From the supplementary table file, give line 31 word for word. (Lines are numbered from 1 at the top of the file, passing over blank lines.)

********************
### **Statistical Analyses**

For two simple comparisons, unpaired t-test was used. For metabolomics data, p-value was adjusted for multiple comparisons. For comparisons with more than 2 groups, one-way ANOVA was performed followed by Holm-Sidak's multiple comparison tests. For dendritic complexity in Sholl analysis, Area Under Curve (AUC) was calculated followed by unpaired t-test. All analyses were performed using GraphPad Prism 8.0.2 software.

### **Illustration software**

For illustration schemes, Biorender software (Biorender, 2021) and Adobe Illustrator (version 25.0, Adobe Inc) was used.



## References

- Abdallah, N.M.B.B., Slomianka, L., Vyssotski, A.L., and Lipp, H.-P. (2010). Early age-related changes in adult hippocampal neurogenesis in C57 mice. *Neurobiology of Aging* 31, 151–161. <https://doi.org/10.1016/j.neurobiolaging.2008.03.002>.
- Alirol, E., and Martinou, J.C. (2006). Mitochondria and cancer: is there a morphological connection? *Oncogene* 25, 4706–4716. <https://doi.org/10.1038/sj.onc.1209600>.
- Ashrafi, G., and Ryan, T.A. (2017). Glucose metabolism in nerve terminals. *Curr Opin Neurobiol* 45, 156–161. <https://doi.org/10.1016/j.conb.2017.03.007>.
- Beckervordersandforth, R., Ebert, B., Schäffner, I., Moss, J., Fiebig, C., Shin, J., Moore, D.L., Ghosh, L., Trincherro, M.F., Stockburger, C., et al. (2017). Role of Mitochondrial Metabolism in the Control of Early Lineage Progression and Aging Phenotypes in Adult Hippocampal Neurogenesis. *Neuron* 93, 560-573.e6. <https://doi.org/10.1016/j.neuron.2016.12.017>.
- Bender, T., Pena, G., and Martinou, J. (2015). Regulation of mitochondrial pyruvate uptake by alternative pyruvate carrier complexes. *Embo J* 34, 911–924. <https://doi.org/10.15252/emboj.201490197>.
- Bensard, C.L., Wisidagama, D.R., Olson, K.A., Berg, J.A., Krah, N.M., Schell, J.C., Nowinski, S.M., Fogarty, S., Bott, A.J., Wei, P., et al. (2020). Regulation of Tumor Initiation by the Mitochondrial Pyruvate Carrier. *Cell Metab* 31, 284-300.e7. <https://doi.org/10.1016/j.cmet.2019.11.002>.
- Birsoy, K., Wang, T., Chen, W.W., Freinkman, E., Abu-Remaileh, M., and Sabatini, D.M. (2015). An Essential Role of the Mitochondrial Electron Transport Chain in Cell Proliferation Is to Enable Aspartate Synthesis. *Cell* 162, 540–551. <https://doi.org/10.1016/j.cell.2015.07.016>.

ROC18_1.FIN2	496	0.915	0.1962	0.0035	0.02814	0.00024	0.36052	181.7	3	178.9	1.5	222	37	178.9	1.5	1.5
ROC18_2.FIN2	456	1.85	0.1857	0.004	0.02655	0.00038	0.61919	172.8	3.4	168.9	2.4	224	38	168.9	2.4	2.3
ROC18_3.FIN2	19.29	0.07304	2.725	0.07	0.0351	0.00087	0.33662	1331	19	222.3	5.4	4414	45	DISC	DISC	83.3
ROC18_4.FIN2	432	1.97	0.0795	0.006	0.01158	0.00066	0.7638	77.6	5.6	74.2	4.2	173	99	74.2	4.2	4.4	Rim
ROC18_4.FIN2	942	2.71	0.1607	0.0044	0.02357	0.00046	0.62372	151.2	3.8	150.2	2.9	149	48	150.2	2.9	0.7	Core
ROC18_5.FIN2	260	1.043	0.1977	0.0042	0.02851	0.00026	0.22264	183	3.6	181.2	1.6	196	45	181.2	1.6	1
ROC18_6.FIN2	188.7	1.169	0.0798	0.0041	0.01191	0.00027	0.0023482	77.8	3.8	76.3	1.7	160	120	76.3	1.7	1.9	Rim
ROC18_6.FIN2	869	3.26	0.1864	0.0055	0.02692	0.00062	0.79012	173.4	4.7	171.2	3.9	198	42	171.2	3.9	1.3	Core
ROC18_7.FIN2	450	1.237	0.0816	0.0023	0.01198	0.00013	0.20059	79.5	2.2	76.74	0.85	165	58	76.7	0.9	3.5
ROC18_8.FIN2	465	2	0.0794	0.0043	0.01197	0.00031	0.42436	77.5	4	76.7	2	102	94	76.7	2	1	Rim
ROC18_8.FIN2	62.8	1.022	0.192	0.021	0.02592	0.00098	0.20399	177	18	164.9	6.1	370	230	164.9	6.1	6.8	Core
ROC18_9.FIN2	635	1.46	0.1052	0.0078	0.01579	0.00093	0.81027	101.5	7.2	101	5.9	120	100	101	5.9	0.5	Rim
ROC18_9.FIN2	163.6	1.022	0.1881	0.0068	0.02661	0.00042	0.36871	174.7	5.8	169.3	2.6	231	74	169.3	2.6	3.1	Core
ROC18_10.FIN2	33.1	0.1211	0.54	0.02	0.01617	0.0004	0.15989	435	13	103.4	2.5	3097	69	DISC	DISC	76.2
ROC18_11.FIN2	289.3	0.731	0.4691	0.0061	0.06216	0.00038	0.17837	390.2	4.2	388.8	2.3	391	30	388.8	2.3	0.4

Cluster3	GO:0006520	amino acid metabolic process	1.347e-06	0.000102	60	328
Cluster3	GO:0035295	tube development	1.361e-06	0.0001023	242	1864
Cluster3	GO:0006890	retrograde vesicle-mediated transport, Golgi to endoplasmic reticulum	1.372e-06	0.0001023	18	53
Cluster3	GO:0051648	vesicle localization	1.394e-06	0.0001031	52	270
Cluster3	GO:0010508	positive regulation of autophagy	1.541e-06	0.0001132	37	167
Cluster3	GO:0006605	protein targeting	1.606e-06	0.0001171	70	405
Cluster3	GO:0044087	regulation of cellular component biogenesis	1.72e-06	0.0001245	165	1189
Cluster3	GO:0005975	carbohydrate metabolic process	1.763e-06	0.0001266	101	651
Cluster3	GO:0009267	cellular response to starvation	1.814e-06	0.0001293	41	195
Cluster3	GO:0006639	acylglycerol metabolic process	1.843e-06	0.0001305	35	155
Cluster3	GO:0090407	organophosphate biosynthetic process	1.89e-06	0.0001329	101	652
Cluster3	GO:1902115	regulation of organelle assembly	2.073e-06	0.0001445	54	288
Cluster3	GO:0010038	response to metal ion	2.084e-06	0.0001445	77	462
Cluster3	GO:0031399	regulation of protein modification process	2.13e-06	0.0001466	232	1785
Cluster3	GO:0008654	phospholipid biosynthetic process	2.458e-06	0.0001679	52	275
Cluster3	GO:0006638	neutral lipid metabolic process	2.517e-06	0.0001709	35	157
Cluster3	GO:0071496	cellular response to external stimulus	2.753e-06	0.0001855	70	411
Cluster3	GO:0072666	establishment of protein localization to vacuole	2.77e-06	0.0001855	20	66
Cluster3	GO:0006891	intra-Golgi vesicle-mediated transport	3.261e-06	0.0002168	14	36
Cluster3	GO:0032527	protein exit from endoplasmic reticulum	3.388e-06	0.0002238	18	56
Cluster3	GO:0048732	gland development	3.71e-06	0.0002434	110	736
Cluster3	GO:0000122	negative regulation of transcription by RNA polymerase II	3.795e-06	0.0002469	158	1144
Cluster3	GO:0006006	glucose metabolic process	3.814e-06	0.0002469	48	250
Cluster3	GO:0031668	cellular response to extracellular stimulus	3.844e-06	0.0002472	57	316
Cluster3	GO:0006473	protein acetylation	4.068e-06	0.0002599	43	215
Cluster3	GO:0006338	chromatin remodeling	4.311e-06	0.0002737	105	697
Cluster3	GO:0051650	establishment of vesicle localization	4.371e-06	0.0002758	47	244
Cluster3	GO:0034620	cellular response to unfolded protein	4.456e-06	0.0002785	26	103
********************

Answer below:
Cluster3	GO:0051648	vesicle localization	1.394e-06	0.0001031	52	270